Room by room, page by page; line by line, the layers of history begin to peel away and give up their secrets. With every receipt, love letter and lock of hair, the evidence builds in forensic fashion; how the medieval stronghold that was Powderham Castle became the Georgian country residence, and a stage for William ‘Kitty’ Courtenay to marry off his 13 sisters.
“From the grains of wood in the North Tower to the shopping lists preserved in thousands of page of archives, we are essentially re-writing the 18th-century history of the house,” says James Daybell, Professor of Early Modern British History. “What we see emerging is a story of gender politics; and one of the key questions is what was it like for 13 girls to grow up in the 18th-century in a house like this?”
Over the course of three weeks last summer, history staff and students from Plymouth worked with counterparts at the world-renowned University of Pennsylvania to pore over different areas of Powderham and its grounds. Using paint analysis and dendrochronology (the dating of wood), and referring to architectural drawings and period era pictures, the team have begun to build a timeline of the architectural transformation of the property. This building chronology is being cross-referenced with the work of the archives team from Plymouth, painstakingly searching through the libraries and archives at Powderham, the British Library, and the Devon Heritage Centre in order to provide the documentation and detail supporting this new architectural narrative. This mammoth archival trawl also makes it possible to populate historic Powderham with successive generations of the Courtenay family.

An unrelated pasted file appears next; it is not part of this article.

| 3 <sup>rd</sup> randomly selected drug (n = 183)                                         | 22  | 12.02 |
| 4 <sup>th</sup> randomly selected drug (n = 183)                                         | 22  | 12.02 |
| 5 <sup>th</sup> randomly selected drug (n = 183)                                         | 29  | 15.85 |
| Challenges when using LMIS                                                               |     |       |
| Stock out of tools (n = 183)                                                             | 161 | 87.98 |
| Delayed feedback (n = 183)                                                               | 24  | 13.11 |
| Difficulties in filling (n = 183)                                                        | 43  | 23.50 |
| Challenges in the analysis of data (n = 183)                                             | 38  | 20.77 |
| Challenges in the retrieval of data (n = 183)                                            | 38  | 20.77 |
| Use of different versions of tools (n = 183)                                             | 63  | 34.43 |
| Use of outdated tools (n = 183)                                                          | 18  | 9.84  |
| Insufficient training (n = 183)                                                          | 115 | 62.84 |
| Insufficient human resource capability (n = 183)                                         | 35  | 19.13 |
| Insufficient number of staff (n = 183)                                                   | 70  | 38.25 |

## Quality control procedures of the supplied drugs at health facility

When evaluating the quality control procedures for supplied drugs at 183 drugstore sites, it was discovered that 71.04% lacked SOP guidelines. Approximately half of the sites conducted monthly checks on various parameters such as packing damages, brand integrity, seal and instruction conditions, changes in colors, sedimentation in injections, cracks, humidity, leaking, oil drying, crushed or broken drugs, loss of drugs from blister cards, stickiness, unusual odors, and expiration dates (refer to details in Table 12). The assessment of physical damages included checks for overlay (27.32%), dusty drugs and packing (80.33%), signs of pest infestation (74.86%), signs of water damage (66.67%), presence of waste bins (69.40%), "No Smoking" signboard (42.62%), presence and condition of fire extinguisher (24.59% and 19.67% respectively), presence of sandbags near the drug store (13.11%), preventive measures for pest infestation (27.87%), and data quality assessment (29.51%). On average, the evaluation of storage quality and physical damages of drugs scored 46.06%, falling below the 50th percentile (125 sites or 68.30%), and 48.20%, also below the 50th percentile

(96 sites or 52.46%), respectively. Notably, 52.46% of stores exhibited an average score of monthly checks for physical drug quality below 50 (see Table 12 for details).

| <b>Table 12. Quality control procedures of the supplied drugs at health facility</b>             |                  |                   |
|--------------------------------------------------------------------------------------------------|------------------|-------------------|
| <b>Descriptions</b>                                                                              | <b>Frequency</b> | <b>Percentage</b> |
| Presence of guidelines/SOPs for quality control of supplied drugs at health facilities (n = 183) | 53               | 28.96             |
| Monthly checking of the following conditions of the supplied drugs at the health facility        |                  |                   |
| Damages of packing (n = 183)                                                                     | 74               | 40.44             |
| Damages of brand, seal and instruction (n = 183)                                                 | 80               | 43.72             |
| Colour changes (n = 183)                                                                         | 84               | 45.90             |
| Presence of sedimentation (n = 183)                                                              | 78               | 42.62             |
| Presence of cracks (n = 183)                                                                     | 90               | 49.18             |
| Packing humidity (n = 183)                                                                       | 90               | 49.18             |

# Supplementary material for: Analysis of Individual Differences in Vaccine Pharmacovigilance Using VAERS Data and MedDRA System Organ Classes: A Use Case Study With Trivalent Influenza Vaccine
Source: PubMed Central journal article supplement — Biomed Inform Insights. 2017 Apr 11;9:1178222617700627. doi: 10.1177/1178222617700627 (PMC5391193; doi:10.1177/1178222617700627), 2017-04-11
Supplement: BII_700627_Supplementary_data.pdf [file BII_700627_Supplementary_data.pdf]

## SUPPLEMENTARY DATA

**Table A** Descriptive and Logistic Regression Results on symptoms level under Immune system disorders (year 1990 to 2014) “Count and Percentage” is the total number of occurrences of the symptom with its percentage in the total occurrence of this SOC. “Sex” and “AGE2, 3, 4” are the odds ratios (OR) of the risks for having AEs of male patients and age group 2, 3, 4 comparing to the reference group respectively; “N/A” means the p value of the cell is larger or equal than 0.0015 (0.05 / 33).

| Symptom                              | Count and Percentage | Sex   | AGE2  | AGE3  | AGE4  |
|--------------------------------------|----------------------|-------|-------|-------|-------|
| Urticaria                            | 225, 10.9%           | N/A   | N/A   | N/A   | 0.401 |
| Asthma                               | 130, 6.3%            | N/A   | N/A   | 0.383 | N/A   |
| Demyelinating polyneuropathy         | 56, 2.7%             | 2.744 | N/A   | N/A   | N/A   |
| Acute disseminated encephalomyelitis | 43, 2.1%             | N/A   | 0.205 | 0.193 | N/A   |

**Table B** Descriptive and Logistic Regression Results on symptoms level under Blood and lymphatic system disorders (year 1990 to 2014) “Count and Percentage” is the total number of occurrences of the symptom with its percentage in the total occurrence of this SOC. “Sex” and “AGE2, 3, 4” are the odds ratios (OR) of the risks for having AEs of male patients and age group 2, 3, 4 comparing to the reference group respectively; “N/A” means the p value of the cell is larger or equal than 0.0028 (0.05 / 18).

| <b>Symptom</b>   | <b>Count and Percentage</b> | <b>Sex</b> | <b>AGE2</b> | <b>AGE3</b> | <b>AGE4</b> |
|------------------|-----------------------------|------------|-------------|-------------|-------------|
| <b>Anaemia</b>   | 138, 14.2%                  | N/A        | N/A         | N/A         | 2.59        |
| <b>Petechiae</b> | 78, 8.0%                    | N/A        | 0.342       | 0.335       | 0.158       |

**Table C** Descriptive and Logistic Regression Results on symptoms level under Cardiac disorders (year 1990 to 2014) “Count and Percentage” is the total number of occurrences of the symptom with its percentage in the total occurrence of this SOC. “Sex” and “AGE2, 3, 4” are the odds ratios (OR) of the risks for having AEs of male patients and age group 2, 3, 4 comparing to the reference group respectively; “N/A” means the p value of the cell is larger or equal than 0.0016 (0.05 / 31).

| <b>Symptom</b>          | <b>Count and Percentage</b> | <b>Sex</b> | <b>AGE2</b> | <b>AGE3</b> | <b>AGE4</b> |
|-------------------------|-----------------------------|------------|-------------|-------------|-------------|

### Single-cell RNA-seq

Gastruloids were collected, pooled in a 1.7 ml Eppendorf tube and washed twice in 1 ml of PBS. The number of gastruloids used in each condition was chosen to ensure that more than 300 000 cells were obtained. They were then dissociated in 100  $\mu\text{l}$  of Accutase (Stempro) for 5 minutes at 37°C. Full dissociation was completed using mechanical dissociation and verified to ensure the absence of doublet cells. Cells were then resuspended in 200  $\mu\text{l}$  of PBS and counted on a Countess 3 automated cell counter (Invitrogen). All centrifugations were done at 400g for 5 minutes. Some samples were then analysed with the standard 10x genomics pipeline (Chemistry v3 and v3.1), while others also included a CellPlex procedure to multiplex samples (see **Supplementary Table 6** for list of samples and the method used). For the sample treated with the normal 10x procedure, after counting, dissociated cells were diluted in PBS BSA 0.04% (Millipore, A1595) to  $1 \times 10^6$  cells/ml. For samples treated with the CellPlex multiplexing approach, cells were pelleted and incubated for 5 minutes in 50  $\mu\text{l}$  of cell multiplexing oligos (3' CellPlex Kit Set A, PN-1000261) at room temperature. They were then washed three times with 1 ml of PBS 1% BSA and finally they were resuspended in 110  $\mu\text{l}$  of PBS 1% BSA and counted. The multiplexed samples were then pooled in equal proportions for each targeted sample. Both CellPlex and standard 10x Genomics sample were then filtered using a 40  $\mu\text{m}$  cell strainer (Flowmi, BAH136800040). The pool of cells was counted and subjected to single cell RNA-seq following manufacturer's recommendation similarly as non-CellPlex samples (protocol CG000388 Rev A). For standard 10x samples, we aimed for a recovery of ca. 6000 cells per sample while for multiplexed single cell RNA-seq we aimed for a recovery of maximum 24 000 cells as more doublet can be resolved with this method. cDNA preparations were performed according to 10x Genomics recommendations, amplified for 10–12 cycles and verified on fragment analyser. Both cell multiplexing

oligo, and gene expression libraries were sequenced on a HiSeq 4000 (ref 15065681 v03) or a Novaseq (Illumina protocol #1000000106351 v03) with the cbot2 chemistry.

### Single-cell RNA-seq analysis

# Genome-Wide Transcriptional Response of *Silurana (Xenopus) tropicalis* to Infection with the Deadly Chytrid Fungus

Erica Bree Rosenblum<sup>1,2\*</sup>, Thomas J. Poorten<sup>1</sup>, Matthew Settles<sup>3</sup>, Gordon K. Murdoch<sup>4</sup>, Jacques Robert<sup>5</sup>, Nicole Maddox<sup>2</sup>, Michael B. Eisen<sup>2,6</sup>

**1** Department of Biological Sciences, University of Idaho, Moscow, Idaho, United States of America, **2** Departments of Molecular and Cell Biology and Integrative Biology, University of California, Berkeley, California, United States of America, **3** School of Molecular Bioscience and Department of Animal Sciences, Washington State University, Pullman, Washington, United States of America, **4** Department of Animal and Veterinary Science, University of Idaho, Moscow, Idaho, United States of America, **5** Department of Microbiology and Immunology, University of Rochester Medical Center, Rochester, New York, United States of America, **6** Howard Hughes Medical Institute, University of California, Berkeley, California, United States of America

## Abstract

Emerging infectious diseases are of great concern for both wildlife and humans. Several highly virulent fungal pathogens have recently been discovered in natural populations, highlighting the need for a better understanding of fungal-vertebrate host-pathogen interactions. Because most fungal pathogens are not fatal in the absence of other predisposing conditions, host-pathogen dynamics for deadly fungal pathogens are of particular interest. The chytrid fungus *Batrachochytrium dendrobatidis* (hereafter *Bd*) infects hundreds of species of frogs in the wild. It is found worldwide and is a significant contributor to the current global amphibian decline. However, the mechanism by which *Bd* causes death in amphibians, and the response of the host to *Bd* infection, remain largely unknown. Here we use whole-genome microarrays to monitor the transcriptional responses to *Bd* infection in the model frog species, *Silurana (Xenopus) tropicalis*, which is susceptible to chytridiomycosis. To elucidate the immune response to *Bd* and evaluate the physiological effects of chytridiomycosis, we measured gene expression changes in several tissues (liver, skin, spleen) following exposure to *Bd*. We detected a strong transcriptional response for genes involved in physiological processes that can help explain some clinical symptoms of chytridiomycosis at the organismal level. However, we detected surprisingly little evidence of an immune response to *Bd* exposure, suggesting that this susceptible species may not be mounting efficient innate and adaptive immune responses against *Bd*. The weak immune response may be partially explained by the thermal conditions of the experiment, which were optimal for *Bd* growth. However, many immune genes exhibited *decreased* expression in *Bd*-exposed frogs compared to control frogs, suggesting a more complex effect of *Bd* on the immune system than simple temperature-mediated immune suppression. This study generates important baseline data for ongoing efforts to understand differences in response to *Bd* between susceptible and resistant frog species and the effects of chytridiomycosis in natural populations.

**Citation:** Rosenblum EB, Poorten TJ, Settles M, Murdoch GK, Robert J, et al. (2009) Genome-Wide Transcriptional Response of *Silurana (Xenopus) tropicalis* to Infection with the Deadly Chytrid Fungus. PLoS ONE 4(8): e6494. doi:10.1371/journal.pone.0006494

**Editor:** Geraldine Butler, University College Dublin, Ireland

Professor Daniel Maudlin, Director of Cornerstone Heritage, and an expert on early modern history, said: “The end of the 18th century was a time of great social change, and the extensive developments at Powderham reflect this. The then owner, William ‘Kitty’ Courtenay, had to pay particular attention to the fact that, as the only male of 14 children, he needed to create a stage that would impress potential suitors for his sisters."
The ‘Time Team’-style collaborative enterprise, which also featured daily talks and public engagement events, is just one aspect of the wider two-year project. Led by the University’s Cornerstone Heritage research group, it will work towards the publication of a number of collaborative academic papers.
“It is almost like Downton Abbey,” adds Professor Daybell. “At the heart of the project is the story of the daughters, and the socio-political insights of how they were married off to men of extreme wealth and influence. We can also reconstruct their material and mental worlds, through the extensive library, poetry manuscripts and music notebooks, love letters, and even accounts of what they wore and ate. It really offers up a remarkable insight in the socio-cultural world of elite Georgian England."
How we live with the past today.
Cornerstone Heritage is an interdisciplinary research group that brings together staff from across the University of Plymouth working in the field of heritage (or how we live with the past today).
'Live projects' are at the heart of Cornerstone's activities. Live projects engage with community groups and heritage organisations in the co-production of research-led heritage initiatives.
Discover more about Cornerstone Heritage and its research